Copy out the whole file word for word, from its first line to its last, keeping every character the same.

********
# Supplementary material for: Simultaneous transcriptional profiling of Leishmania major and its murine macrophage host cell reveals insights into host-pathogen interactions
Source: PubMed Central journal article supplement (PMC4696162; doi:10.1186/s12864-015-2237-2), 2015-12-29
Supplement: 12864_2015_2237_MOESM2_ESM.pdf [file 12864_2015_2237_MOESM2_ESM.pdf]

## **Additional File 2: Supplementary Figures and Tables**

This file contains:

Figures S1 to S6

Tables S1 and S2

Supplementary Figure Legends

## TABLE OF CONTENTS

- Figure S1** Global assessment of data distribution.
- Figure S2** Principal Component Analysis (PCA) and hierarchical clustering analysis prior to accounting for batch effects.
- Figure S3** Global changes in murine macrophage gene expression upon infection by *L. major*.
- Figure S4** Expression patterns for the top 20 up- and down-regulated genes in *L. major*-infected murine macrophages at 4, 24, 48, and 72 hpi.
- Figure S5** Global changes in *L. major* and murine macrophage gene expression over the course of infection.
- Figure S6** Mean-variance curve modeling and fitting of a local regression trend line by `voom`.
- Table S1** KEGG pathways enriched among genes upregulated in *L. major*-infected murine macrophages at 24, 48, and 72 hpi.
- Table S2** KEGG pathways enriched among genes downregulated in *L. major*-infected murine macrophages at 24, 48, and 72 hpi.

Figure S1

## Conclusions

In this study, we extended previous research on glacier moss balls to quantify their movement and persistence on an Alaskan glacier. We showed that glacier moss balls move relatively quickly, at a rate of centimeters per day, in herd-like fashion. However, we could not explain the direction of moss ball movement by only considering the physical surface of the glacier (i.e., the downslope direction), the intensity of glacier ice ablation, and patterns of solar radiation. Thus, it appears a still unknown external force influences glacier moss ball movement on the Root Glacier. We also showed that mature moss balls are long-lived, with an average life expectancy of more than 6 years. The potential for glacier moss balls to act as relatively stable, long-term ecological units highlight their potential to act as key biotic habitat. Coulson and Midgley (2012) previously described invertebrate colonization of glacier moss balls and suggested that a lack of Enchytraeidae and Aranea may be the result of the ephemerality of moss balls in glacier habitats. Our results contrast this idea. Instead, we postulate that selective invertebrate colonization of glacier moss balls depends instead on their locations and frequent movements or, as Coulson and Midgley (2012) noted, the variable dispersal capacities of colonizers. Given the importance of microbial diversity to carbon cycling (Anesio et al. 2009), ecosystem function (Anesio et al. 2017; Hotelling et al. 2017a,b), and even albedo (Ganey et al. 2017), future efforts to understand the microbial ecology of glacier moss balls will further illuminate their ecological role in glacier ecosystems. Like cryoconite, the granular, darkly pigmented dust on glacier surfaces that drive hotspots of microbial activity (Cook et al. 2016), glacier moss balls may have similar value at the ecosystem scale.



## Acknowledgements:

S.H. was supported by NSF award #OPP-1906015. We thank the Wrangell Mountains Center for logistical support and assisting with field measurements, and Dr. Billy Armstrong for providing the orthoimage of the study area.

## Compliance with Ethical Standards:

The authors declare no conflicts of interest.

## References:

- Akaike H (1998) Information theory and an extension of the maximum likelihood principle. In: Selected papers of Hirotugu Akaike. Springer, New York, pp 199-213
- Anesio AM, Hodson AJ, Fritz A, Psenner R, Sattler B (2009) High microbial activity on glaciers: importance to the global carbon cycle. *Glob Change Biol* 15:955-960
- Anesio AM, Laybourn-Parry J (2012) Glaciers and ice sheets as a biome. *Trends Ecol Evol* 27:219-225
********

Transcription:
# Supplementary material for: Simultaneous transcriptional profiling of Leishmania major and its murine macrophage host cell reveals insights into host-pathogen interactions
Source: PubMed Central journal article supplement (PMC4696162; doi:10.1186/s12864-015-2237-2), 2015-12-29
Supplement: 12864_2015_2237_MOESM2_ESM.pdf [file 12864_2015_2237_MOESM2_ESM.pdf]

## **Additional File 2: Supplementary Figures and Tables**

This file contains:

Figures S1 to S6

Tables S1 and S2

Supplementary Figure Legends

## TABLE OF CONTENTS

- Figure S1** Global assessment of data distribution.
- Figure S2** Principal Component Analysis (PCA) and hierarchical clustering analysis prior to accounting for batch effects.
- Figure S3** Global changes in murine macrophage gene expression upon infection by *L. major*.
- Figure S4** Expression patterns for the top 20 up- and down-regulated genes in *L. major*-infected murine macrophages at 4, 24, 48, and 72 hpi.
- Figure S5** Global changes in *L. major* and murine macrophage gene expression over the course of infection.
- Figure S6** Mean-variance curve modeling and fitting of a local regression trend line by `voom`.
- Table S1** KEGG pathways enriched among genes upregulated in *L. major*-infected murine macrophages at 24, 48, and 72 hpi.
- Table S2** KEGG pathways enriched among genes downregulated in *L. major*-infected murine macrophages at 24, 48, and 72 hpi.

Figure S1

## Conclusions

In this study, we extended previous research on glacier moss balls to quantify their movement and persistence on an Alaskan glacier. We showed that glacier moss balls move relatively quickly, at a rate of centimeters per day, in herd-like fashion. However, we could not explain the direction of moss ball movement by only considering the physical surface of the glacier (i.e., the downslope direction), the intensity of glacier ice ablation, and patterns of solar radiation. Thus, it appears a still unknown external force influences glacier moss ball movement on the Root Glacier. We also showed that mature moss balls are long-lived, with an average life expectancy of more than 6 years. The potential for glacier moss balls to act as relatively stable, long-term ecological units highlight their potential to act as key biotic habitat. Coulson and Midgley (2012) previously described invertebrate colonization of glacier moss balls and suggested that a lack of Enchytraeidae and Aranea may be the result of the ephemerality of moss balls in glacier habitats. Our results contrast this idea. Instead, we postulate that selective invertebrate colonization of glacier moss balls depends instead on their locations and frequent movements or, as Coulson and Midgley (2012) noted, the variable dispersal capacities of colonizers. Given the importance of microbial diversity to carbon cycling (Anesio et al. 2009), ecosystem function (Anesio et al. 2017; Hotelling et al. 2017a,b), and even albedo (Ganey et al. 2017), future efforts to understand the microbial ecology of glacier moss balls will further illuminate their ecological role in glacier ecosystems. Like cryoconite, the granular, darkly pigmented dust on glacier surfaces that drive hotspots of microbial activity (Cook et al. 2016), glacier moss balls may have similar value at the ecosystem scale.



## Acknowledgements:

S.H. was supported by NSF award #OPP-1906015. We thank the Wrangell Mountains Center for logistical support and assisting with field measurements, and Dr. Billy Armstrong for providing the orthoimage of the study area.

## Compliance with Ethical Standards:

The authors declare no conflicts of interest.

## References:

- Akaike H (1998) Information theory and an extension of the maximum likelihood principle. In: Selected papers of Hirotugu Akaike. Springer, New York, pp 199-213
- Anesio AM, Hodson AJ, Fritz A, Psenner R, Sattler B (2009) High microbial activity on glaciers: importance to the global carbon cycle. *Glob Change Biol* 15:955-960
- Anesio AM, Laybourn-Parry J (2012) Glaciers and ice sheets as a biome. *Trends Ecol Evol* 27:219-225